Atrocities, War Crimes, or Genocide – Which One Applies to Modern Warfare?

Every war includes countless incidents of terror, tragedy, and trauma that do not fall under the narrow legal definitions of atrocities, war crimes, or genocide. That’s the problem.

For example: in the past few weeks, we’ve all seen photographs of obviously executed people, their bodies laying in Ukrainian streets. Are these war crimes under international law? The legal answer is probably yes, if they are committed against innocent civilians – but maybe not, if those civilians became combatants by possessing or using weapons like Molotov cocktails, for instance. Combatants in war, whether military or civilian, can still be killed with impunity.

That impunity, unfortunately, also practically extends to the rulers of aggressor countries that declare and wage war. In actuality, national leaders who never leave their own country need not fear the International Criminal Court (ICC) or the widely-accepted laws that determine atrocities, war crimes, or genocide. The ICC has no enforceable authority or power over national leaders if it cannot arrest and detain them. Even with reams of hard evidence, including photographs, video, satellite imagery, eyewitness testimony, and sworn affidavits, putting any of those national rulers on trial by international prosecutors will not likely happen, unless their governments change in the interim.

As a result, only a relatively small – but growing – number of defendants have ever faced an actual war crimes tribunal, whether international or domestic. The list of disgraced and now convicted former national leaders includes Argentine de facto president general Jorge Videla; Serbian president Slobodan Milosevic; Rwandan Prime Minister Jean Kambanda; Liberian president Charles Taylor; Iraqi president Saddam Hussein; Cambodian Khmer Rouge leaders Nuon Chea and Khieu Samphan; Peruvian president Alberto Fujimori; and Guatemalan president Efrain Rios Montt; among others. (The Council on Foreign Relations has summaries here.)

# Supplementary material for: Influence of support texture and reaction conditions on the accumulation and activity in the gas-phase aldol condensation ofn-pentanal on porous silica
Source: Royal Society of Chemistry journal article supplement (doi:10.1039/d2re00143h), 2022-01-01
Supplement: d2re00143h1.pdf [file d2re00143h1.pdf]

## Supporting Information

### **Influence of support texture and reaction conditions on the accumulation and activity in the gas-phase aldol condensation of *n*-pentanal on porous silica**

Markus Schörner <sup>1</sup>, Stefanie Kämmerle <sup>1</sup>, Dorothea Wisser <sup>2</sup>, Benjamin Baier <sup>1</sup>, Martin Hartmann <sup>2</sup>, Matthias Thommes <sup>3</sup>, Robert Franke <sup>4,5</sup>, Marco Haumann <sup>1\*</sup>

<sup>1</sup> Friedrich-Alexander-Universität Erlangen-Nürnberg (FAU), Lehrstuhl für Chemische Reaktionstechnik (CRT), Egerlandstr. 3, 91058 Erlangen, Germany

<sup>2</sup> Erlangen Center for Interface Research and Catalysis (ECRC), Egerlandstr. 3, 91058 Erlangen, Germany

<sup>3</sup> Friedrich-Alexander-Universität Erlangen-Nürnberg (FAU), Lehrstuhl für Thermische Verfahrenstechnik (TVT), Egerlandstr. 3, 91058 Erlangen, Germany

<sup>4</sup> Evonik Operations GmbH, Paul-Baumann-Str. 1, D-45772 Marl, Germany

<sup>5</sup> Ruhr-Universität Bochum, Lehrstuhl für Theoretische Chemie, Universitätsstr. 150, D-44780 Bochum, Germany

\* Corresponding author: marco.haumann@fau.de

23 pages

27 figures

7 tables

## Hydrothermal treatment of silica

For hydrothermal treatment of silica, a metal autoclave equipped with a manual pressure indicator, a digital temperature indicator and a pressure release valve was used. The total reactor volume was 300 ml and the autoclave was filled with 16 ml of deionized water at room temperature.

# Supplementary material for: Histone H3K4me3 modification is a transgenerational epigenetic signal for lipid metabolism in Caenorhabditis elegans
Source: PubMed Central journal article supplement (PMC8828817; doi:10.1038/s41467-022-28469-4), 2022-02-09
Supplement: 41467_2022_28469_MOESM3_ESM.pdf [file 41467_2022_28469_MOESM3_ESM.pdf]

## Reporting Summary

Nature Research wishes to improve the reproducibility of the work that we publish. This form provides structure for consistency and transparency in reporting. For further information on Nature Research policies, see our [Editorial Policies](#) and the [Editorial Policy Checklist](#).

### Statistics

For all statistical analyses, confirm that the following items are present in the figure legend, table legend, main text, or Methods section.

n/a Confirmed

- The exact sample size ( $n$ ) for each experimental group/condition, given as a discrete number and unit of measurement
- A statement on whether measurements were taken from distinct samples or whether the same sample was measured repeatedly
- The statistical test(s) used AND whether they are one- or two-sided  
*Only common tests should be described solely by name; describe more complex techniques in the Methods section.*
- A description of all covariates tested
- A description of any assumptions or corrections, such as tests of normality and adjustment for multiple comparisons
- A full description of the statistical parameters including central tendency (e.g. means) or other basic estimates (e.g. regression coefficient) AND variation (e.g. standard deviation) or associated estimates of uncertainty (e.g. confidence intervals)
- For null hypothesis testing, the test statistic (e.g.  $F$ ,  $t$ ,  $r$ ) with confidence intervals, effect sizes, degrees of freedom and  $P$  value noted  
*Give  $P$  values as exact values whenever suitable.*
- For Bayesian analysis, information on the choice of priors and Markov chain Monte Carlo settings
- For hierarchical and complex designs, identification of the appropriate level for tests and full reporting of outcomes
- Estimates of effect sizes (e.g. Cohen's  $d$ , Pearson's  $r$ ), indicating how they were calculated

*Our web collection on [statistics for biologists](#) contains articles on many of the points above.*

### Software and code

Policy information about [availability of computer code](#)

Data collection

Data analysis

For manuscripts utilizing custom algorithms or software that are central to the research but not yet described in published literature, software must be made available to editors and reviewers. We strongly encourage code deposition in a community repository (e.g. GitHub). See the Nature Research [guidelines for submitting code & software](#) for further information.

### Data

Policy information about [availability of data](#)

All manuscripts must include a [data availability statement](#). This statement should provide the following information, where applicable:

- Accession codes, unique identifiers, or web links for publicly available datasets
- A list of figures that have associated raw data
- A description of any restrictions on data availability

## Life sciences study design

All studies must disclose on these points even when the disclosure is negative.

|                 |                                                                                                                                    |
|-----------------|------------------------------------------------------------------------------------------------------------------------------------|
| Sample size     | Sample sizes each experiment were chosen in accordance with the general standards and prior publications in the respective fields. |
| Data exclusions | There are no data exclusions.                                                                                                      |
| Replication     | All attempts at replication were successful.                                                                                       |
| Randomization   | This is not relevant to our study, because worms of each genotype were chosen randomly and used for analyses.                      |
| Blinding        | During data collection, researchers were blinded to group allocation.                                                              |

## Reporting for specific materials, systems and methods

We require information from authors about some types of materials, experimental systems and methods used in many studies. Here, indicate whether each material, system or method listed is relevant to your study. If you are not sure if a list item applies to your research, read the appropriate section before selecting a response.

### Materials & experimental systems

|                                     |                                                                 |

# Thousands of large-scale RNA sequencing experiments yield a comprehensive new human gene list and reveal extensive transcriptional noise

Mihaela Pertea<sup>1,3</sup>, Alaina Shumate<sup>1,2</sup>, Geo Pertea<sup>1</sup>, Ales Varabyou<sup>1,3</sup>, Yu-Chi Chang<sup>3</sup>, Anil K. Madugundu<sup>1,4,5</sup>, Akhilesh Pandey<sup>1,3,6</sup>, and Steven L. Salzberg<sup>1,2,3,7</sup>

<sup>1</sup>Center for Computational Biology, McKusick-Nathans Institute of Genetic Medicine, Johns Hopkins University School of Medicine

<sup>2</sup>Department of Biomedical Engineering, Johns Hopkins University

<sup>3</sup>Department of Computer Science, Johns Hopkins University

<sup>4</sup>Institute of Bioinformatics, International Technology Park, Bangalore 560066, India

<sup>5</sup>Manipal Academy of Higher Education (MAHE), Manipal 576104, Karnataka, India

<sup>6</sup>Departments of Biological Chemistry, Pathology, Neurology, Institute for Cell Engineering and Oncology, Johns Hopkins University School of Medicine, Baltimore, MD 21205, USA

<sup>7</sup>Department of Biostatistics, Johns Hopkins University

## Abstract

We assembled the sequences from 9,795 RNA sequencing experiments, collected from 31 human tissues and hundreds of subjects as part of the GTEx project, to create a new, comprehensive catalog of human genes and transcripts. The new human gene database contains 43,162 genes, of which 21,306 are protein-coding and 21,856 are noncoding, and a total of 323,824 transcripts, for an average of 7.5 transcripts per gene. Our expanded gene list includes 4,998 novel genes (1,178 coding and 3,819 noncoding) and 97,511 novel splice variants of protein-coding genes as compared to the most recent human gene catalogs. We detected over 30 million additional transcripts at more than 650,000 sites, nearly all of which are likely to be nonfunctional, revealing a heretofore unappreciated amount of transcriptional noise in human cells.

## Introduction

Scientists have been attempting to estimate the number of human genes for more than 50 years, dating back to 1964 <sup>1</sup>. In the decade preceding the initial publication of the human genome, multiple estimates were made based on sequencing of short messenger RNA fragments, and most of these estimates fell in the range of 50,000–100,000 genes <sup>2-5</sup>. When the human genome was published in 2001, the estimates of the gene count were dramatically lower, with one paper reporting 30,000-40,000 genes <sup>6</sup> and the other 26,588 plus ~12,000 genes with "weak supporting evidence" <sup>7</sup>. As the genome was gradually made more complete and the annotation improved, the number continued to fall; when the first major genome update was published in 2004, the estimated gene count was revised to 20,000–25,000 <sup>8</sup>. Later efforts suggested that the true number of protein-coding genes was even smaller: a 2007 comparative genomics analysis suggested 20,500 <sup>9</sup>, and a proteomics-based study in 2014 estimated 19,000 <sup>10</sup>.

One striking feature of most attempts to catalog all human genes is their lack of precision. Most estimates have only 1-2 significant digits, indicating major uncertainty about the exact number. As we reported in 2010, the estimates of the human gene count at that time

So the world still has some significant further progress to make before humanity develops a viable, effective international mechanism for prohibiting  and punishing armed aggression and warfare. 

RELATED: But What About the Violence in Religion?

However, the Baha’i vision of a global peace backed by an international tribunal – what Shoghi Effendi, the Guardian of the Baha’i Faith, called “a world commonwealth” – is slowly and visibly beginning to appear as the force of international laws against war crimes and genocide are increasingly applied and enforced. Shoghi Effendi defined what a functioning world commonwealth could include:

This commonwealth must, as far as we can visualize it, consist of a world legislature, whose members will, as the trustees of the whole of mankind, ultimately control the entire resources of all the component nations, and will enact such laws as shall be required to regulate the life, satisfy the needs and adjust the relationships of all races and peoples. A world executive, backed by an international Force, will carry out the decisions arrived at, and apply the laws enacted by, this world legislature, and will safeguard the organic unity of the whole commonwealth. A world tribunal will adjudicate and deliver its compulsory and final verdict in all and any disputes that may arise between the various elements constituting this universal system.

If you want to end war and outlaw it forever, like so many other peace-loving people in today’s world, please join with the global community of the Baha’is working for the realization of this powerful vision.